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Thursday, 14 November, 2002, 02:25 GMT
Can anti-social behaviour be curbed?
Wardens patrolling street
More civilian street wardens may be needed

Will the government's plans for cracking down on anti-social behaviour actually work in practice?

That is the question being asked by some of the professionals who work with young people who find themselves in trouble with the law.

While accepting that the move may be popular with the public, they see real difficulties ahead.

Anti-social behaviour is undesirable and unpleasant, but it is not always criminal

Rachel Armitage

And some believe that the measures will have little impact on the kind of low-level crime that afflicts many areas.

The probation service union Napo is one organisation that has already voiced doubts about the wisdom of the government's approach.

"I think it is fraught with difficulties," says Harry Fletcher, the union's assistant general secretary.


"This crackdown will have resonance with the public, as Labour has been told by its focus groups.

Prime Minister Tony Blair
Tony Blair: Tackling crime is one of his priorities
"But research has shown that a beat bobby is unlikely to bump into someone in the act of crime more than once every three years.

"So how on earth is it to be enforced?

"You will have to employ thousands and thousands of civilian wardens to catch these people.

"Those people dropping litter and writing on walls are less likely to pay fines. That means you would also need a fine enforcement service."

The crime reduction charity Nacro has just published research into the effectiveness of one of the government's existing measures, the anti-social behaviour order (Asbo).

It says the order is "cumbersome, costly and difficult to enforce".


It discovered that the average Asbo cost more than 5,000 to enforce and took over three months to obtain.

It is fraught with on earth will it be enforced?

Harry Fletcher

And more than a third of the orders were breached within the first nine months.

The charity argues that what is needed to counter such behaviour is a more holistic approach, combining enforcement with preventative initiatives tailored to local conditions.

It wants to see the use of "acceptable behaviour contracts" and parental control agreements, along with youth schemes providing youngsters with activities and mentoring.

The report says one problem is the lack of a clear definition of what constitutes anti-social behaviour.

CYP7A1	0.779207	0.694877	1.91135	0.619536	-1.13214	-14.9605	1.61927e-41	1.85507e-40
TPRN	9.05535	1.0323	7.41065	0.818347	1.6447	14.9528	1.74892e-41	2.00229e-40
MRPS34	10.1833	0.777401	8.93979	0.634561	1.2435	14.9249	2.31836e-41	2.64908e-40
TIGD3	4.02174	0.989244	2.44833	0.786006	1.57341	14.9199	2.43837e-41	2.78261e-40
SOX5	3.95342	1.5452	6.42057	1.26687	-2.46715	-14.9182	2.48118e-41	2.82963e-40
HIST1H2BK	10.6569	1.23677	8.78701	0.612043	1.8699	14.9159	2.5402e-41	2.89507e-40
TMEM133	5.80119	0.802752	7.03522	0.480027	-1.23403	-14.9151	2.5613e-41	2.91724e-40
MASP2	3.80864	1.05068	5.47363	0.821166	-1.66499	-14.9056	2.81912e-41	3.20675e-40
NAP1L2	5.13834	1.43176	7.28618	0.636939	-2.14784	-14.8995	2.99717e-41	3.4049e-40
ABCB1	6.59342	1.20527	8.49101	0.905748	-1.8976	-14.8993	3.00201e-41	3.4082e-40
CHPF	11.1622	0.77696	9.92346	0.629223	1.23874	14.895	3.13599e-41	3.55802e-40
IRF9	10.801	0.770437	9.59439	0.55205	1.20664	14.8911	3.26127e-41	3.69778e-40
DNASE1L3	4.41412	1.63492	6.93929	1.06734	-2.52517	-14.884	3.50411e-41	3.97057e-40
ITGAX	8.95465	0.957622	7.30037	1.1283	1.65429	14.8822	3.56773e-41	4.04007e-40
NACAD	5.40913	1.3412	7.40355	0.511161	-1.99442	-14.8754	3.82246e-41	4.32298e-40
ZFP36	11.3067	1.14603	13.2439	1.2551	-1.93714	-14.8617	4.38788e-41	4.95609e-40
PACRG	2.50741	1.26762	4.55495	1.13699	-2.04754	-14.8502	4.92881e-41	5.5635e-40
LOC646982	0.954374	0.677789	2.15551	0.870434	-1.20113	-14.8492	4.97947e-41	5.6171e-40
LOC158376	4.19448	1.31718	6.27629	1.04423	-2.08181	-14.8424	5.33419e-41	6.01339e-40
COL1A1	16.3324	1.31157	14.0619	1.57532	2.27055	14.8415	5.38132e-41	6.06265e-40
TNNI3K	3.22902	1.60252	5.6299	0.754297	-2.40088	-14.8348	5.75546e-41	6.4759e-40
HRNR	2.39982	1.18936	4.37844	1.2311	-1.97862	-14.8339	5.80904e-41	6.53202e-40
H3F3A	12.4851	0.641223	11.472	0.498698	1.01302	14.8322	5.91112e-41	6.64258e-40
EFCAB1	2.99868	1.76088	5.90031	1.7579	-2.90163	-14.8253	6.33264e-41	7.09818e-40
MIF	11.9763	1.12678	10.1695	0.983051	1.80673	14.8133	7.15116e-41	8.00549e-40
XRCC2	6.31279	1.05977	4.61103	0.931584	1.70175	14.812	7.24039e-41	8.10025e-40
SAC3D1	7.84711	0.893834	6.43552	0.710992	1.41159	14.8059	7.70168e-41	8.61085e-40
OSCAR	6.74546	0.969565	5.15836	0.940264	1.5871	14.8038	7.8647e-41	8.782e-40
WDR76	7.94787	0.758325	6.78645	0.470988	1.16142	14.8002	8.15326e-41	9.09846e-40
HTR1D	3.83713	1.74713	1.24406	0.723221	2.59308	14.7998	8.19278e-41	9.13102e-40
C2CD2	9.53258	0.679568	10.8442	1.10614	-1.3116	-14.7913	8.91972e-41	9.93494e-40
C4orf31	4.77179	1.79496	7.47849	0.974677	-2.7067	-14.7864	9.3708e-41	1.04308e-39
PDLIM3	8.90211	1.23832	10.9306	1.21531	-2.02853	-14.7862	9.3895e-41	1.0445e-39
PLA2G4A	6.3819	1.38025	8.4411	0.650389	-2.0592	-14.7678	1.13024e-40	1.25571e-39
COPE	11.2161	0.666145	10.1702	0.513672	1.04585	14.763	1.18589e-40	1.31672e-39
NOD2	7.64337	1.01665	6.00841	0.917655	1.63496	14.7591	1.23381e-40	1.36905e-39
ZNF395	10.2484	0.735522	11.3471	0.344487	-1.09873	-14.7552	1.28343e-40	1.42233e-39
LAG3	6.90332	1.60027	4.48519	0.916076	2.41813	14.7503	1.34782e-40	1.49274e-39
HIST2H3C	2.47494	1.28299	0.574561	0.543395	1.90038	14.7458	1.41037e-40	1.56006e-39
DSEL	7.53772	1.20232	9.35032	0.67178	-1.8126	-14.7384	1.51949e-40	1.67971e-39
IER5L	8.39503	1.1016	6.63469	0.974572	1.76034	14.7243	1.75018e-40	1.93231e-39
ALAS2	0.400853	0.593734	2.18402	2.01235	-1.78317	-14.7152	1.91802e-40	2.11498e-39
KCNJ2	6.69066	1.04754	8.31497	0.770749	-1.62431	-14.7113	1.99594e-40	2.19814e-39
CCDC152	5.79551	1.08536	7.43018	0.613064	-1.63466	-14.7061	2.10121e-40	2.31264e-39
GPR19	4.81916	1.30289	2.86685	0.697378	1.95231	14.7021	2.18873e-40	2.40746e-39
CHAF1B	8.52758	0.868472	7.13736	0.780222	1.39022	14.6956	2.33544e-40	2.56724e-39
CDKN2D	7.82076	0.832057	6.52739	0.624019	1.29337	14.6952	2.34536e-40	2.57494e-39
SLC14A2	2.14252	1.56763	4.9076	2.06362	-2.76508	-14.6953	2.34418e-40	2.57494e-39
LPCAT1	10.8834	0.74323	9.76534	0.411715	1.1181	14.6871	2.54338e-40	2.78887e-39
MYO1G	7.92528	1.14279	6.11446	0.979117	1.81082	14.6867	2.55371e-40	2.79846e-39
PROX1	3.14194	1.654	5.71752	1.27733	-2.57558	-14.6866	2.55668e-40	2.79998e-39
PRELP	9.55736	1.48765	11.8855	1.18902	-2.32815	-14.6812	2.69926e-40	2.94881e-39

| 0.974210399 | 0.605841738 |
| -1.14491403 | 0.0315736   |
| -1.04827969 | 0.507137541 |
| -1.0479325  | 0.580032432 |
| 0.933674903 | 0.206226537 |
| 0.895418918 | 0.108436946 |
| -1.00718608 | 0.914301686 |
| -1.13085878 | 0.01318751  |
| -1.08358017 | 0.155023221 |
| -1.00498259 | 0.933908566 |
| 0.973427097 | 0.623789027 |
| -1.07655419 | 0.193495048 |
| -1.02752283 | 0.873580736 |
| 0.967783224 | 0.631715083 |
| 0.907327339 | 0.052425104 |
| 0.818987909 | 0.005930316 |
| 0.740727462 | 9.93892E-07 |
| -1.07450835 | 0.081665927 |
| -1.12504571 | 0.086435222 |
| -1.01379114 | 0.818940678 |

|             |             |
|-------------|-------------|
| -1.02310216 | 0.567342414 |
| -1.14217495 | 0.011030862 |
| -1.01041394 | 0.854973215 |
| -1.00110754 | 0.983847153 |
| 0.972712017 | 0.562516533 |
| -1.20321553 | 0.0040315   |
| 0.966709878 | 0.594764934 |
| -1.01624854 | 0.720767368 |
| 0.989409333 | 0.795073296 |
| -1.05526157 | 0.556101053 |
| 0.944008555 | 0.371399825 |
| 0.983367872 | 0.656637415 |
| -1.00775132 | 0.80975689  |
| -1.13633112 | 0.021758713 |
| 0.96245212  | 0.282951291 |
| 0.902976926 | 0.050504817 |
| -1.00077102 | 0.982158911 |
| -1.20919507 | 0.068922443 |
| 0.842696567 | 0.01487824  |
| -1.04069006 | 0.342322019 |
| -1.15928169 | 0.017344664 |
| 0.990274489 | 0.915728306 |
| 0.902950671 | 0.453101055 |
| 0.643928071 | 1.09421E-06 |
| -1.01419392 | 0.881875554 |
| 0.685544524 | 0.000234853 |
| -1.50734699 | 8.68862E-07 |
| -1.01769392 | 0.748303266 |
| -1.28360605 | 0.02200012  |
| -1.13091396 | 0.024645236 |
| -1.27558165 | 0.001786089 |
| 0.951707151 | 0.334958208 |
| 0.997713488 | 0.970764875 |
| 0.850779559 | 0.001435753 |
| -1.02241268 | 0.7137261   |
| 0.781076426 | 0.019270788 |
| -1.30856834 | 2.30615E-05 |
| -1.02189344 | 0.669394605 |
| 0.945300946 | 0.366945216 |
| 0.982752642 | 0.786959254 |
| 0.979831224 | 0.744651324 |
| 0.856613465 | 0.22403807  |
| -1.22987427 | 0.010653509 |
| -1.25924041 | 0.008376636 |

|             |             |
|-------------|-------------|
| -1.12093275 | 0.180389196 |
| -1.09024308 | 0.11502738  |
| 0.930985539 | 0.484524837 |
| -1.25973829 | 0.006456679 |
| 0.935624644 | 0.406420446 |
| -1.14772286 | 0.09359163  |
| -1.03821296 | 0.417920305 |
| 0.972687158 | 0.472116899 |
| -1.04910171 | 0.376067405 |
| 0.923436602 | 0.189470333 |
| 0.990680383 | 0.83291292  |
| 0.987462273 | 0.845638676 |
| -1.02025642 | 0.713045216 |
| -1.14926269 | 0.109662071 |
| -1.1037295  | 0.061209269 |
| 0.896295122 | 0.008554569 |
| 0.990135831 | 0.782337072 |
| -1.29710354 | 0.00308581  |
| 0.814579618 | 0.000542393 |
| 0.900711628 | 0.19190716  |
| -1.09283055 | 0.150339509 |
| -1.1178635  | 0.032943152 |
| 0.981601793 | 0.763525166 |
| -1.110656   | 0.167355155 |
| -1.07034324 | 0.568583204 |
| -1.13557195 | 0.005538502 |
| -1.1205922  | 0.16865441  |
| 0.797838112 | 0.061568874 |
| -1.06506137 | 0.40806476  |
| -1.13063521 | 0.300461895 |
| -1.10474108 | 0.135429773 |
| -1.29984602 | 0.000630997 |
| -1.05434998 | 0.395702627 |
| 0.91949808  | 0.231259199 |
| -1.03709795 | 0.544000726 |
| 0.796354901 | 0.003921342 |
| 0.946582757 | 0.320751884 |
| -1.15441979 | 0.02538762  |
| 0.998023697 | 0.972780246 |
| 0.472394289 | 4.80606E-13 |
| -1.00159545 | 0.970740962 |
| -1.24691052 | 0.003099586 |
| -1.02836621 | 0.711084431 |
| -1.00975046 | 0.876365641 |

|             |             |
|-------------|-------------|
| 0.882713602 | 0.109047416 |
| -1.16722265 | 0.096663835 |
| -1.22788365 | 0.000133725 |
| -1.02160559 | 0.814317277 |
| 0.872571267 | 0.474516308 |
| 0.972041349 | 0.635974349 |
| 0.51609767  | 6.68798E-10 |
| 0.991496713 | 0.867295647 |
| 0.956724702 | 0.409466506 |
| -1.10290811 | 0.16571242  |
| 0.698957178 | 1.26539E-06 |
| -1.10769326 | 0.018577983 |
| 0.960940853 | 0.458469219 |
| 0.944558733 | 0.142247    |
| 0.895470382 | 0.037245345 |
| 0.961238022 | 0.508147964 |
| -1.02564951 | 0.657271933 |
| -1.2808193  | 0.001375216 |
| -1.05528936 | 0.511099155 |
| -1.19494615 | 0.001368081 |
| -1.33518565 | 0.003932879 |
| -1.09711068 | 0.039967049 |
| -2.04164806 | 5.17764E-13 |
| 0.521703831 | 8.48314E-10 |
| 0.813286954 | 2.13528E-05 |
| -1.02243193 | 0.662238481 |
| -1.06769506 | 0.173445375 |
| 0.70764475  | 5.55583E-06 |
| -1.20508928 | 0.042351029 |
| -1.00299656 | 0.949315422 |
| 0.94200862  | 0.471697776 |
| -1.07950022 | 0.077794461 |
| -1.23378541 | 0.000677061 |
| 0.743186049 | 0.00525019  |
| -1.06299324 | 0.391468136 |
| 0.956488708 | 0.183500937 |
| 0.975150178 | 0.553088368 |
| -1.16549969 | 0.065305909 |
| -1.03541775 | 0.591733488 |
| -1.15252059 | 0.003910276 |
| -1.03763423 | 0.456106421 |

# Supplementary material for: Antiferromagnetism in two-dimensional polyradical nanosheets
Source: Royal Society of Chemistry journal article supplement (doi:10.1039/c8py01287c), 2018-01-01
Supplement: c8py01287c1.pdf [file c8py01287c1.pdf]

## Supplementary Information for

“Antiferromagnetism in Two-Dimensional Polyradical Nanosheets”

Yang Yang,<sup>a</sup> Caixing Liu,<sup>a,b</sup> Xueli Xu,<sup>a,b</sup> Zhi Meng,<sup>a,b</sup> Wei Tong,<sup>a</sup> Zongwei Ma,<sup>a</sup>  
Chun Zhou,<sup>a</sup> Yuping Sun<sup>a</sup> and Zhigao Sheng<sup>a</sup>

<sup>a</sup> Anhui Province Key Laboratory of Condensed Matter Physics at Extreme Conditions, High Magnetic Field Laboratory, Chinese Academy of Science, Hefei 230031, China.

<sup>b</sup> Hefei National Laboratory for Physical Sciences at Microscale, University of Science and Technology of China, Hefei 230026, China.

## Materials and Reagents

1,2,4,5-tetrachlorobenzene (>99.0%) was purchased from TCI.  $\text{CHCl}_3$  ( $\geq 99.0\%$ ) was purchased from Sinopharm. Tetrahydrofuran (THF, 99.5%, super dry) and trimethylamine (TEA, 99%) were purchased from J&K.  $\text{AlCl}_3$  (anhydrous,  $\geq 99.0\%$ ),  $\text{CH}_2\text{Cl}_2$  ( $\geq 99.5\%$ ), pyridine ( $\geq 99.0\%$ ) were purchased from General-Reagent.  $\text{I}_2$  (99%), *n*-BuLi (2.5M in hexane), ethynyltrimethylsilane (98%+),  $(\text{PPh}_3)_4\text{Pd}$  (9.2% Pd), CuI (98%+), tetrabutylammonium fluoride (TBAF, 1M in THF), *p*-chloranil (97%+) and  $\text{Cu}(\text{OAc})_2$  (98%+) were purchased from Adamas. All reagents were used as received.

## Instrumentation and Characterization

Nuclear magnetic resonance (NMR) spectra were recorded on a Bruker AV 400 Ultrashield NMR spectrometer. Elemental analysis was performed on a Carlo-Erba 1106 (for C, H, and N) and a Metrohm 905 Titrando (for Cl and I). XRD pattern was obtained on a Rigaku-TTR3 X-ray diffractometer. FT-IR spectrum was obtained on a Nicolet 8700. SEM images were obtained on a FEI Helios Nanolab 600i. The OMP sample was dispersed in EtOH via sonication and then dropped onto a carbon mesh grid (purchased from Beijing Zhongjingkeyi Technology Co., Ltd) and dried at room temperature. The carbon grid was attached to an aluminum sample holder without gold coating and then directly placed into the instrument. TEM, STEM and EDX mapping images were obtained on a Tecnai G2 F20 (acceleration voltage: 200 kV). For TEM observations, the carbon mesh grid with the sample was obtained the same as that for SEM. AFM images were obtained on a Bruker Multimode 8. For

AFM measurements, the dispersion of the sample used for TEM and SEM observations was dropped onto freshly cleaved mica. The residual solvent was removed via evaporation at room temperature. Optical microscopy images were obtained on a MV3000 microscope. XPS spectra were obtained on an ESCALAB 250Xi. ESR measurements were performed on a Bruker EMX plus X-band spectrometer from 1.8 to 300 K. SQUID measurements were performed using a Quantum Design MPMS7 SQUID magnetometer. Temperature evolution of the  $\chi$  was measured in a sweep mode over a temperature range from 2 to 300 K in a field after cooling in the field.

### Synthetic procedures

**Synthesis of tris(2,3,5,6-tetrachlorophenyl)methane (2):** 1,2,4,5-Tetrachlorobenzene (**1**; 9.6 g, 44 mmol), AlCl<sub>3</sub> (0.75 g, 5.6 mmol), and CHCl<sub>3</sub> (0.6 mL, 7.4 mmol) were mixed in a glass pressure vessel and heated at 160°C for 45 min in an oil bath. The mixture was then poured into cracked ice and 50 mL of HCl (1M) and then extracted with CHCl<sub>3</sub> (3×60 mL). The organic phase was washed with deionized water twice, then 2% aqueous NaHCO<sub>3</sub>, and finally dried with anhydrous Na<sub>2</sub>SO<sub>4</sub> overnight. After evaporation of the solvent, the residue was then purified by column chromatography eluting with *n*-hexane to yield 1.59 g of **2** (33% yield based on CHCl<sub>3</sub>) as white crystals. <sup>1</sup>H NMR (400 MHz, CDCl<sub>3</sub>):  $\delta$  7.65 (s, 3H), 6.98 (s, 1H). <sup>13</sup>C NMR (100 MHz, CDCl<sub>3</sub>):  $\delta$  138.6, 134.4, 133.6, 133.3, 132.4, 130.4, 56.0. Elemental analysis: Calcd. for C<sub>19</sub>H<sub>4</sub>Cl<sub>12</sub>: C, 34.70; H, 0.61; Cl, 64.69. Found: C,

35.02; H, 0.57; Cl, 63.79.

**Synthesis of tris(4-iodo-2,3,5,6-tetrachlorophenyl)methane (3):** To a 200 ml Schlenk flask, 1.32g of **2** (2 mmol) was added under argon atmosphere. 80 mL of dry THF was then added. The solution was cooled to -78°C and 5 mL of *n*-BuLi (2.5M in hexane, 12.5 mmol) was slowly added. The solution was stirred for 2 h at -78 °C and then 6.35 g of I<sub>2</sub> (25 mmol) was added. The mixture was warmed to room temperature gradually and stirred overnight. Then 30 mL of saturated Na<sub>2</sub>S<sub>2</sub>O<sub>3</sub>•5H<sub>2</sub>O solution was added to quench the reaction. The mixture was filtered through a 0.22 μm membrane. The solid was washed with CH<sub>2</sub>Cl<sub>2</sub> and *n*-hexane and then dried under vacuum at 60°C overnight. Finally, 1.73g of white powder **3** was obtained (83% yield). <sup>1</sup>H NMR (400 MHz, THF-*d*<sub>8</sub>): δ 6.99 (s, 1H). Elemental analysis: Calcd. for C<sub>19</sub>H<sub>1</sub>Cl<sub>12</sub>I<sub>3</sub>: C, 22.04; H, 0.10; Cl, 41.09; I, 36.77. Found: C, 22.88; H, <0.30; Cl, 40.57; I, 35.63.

The result, it says, is confusion among local authorities over how to identify and respond to the problem.


What might be seen as "anti-social" in one setting might be regarded quite differently elsewhere.

Dr Simon Bale
Dr Simon Bale: Finding reasons for bad behaviour
"Part of the problem is that while anti-social behaviour is undesirable and unpleasant, it is not always criminal," says Nacro's Rachel Armitage.

"Anti-social behaviour orders can work, but they undoubtedly work better if they take into account local circumstances.

"They can only ever prohibit behaviour. We must also realise that there are pro-active ways for communities to prevent it from arising in the first place."

Nacro suggests that local authorities should adopt their own statutory definitions of anti-social behaviour in consultation with local people.

In Bristol, an organisation called Active Communities Together is working with local residents to improve conditions in areas that have suffered from a variety of social problems.


Dr Simon Bale, a volunteer with the group, also points to the problem of defining anti-social behaviour.

The Bill focuses on the punishment of children, without addressing the wider issues

Penny Dean
Children's Society

For generations, he says, young people have hung around on street corners, without necessarily causing trouble.

"Now it is seen as a bad thing," he says.

"We need to be more creative than just telling them off. It is important to tackle problems of anti-social behaviour, but we need to find the reasons behind it."

The Children's Society has also questioned the government's approach to the problem, suggesting that the new measures would fail.

"We are concerned that the Anti-Social Behaviour Bill focuses on the punishment of children, without addressing the wider issues," says Penny Dean, director of children and young people.

"The government needs to look again at how services are provided to children and families who require support, before problems escalate and children are drawn into the criminal justice system."

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